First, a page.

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On immigration, Obama talks tough to Congress

January 29, 2013|By Sandra Hernandez
  • President Obama speaks about immigration reform at Del Sol High School in Las Vegas on Tuesday.
President Obama speaks about immigration reform at Del Sol High School… (Leila Navidi / Las Vegas…)

President Obama’s speech Tuesday outlining his blueprint for immigration reform offered a strong commitment to fixing a broken system, even going so far as to deliver this ultimatum to lawmakers: "If Congress is unable to move forward in a timely fashion, I will send up a bill based on my proposal and insist that they vote on it right away.”

Obama’s remarks are in stark contrast to previous speeches in which he called for immigration reform but provided little evidence that he would exercise the political muscle necessary to get such a deal. This time, the president offered both.

I think Obama’s pledge to put a bill before lawmakers if Republicans and Democrats fail to reach their own is a very real and powerful threat. Democrats don’t want to lose ground with Latino voters, labor and other groups who support overhauling the current system.

TRANSCRIPT: President Obama's speech on immigration reform

And the GOP is facing mounting pressure to recast its brand with Latinos, who overwhelmingly cast their votes for Obama in key states such as Florida and Nevada after Mitt Romney unveiled his "self-deportation" fantasy -- created in some alternative universe where immigrants who are here illegally, and already enduring tough lives, would simply pack up and leave if only life became too hard for them in this country. In fact, it’s almost as if Republicans need an immigration reform bill as much as undocumented immigrants do.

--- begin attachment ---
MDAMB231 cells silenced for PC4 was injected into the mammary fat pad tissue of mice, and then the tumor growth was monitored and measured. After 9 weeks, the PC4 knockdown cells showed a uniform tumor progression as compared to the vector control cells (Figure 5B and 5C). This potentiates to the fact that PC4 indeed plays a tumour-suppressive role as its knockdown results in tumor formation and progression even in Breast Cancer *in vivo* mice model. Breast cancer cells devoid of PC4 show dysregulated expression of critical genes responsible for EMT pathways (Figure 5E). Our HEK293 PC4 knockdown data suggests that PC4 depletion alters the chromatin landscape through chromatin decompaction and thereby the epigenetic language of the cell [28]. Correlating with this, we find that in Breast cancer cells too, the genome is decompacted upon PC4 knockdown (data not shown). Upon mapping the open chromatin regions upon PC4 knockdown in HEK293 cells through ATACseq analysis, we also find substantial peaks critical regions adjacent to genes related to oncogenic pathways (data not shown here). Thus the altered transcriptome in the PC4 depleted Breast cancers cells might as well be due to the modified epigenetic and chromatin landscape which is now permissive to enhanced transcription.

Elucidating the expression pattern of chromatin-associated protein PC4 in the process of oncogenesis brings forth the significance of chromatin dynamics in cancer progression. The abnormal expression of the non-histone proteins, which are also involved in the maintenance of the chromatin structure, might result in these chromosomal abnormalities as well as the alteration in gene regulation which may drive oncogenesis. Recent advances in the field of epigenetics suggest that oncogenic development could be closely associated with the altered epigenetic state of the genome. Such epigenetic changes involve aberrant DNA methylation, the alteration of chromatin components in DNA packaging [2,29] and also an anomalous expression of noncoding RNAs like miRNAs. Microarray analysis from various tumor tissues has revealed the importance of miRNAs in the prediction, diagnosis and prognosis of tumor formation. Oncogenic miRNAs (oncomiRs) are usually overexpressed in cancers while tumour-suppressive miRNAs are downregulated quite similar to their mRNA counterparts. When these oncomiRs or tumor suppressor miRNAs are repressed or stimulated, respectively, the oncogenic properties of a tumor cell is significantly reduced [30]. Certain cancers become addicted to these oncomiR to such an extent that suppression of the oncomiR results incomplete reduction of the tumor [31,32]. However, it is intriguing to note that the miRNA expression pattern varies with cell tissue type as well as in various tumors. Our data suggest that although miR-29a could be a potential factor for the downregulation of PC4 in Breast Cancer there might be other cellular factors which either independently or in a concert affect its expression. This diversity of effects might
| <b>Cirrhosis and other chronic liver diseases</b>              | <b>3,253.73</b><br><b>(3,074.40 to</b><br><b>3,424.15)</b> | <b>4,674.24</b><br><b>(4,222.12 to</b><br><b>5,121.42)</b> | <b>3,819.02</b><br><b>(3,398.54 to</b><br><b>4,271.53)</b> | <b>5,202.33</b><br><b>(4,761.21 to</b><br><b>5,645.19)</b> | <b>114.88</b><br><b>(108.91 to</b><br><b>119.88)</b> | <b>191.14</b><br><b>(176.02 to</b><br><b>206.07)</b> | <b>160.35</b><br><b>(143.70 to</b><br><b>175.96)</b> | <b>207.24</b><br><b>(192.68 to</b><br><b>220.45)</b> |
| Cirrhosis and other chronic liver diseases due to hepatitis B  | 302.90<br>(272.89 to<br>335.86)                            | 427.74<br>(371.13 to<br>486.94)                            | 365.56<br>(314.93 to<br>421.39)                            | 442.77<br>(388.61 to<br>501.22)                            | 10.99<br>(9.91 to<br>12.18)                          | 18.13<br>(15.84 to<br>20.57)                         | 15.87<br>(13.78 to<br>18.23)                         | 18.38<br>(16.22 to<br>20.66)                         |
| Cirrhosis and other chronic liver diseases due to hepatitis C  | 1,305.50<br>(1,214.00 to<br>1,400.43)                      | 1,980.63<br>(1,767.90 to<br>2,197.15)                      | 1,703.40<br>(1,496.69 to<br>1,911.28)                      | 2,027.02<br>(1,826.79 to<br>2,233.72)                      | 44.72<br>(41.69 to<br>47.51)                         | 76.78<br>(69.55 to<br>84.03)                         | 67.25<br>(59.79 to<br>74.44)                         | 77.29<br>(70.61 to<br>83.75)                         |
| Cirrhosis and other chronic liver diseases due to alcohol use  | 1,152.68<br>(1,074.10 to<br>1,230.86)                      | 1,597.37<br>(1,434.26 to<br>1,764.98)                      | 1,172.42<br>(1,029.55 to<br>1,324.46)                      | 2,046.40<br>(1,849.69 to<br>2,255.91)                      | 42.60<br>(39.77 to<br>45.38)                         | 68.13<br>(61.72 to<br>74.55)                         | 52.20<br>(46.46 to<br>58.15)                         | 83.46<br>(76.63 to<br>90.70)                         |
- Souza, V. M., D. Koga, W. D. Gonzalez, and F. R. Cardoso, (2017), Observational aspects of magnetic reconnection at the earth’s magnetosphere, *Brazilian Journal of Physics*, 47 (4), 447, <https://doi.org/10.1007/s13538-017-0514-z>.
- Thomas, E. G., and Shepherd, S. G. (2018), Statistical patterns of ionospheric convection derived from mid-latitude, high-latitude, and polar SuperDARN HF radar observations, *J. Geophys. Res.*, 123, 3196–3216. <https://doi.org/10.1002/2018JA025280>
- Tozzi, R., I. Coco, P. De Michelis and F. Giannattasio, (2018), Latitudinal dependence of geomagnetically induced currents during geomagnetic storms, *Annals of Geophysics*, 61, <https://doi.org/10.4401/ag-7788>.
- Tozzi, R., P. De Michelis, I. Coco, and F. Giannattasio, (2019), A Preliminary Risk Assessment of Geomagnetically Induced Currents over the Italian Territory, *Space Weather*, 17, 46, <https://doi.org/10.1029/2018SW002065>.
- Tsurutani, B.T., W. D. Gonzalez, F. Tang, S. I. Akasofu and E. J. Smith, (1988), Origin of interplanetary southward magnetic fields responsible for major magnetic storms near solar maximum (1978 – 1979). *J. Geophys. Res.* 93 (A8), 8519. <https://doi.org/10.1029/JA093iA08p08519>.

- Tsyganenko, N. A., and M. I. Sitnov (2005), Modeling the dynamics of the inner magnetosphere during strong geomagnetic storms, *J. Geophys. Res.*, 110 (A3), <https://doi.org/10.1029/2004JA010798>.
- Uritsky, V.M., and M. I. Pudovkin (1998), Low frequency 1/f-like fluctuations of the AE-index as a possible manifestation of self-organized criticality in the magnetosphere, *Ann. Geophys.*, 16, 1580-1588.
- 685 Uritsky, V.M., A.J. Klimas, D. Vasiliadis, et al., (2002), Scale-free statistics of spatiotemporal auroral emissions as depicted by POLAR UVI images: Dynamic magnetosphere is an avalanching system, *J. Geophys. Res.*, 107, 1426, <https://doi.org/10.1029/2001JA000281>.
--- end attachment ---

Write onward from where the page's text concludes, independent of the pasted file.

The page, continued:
Some suggest that Obama’s threat to put forth his own legislation may do more harm than good in the fight to fix immigration. But that ignores that the president let Congress take the lead on most of his legislative initiatives, including healthcare reform, and that didn’t help build consensus or prevent Republicans from mounting fierce challenges.

The political moment seems right for comprehensive immigration reform that tackles the big issues. Let’s just hope that Congress seizes the moment.

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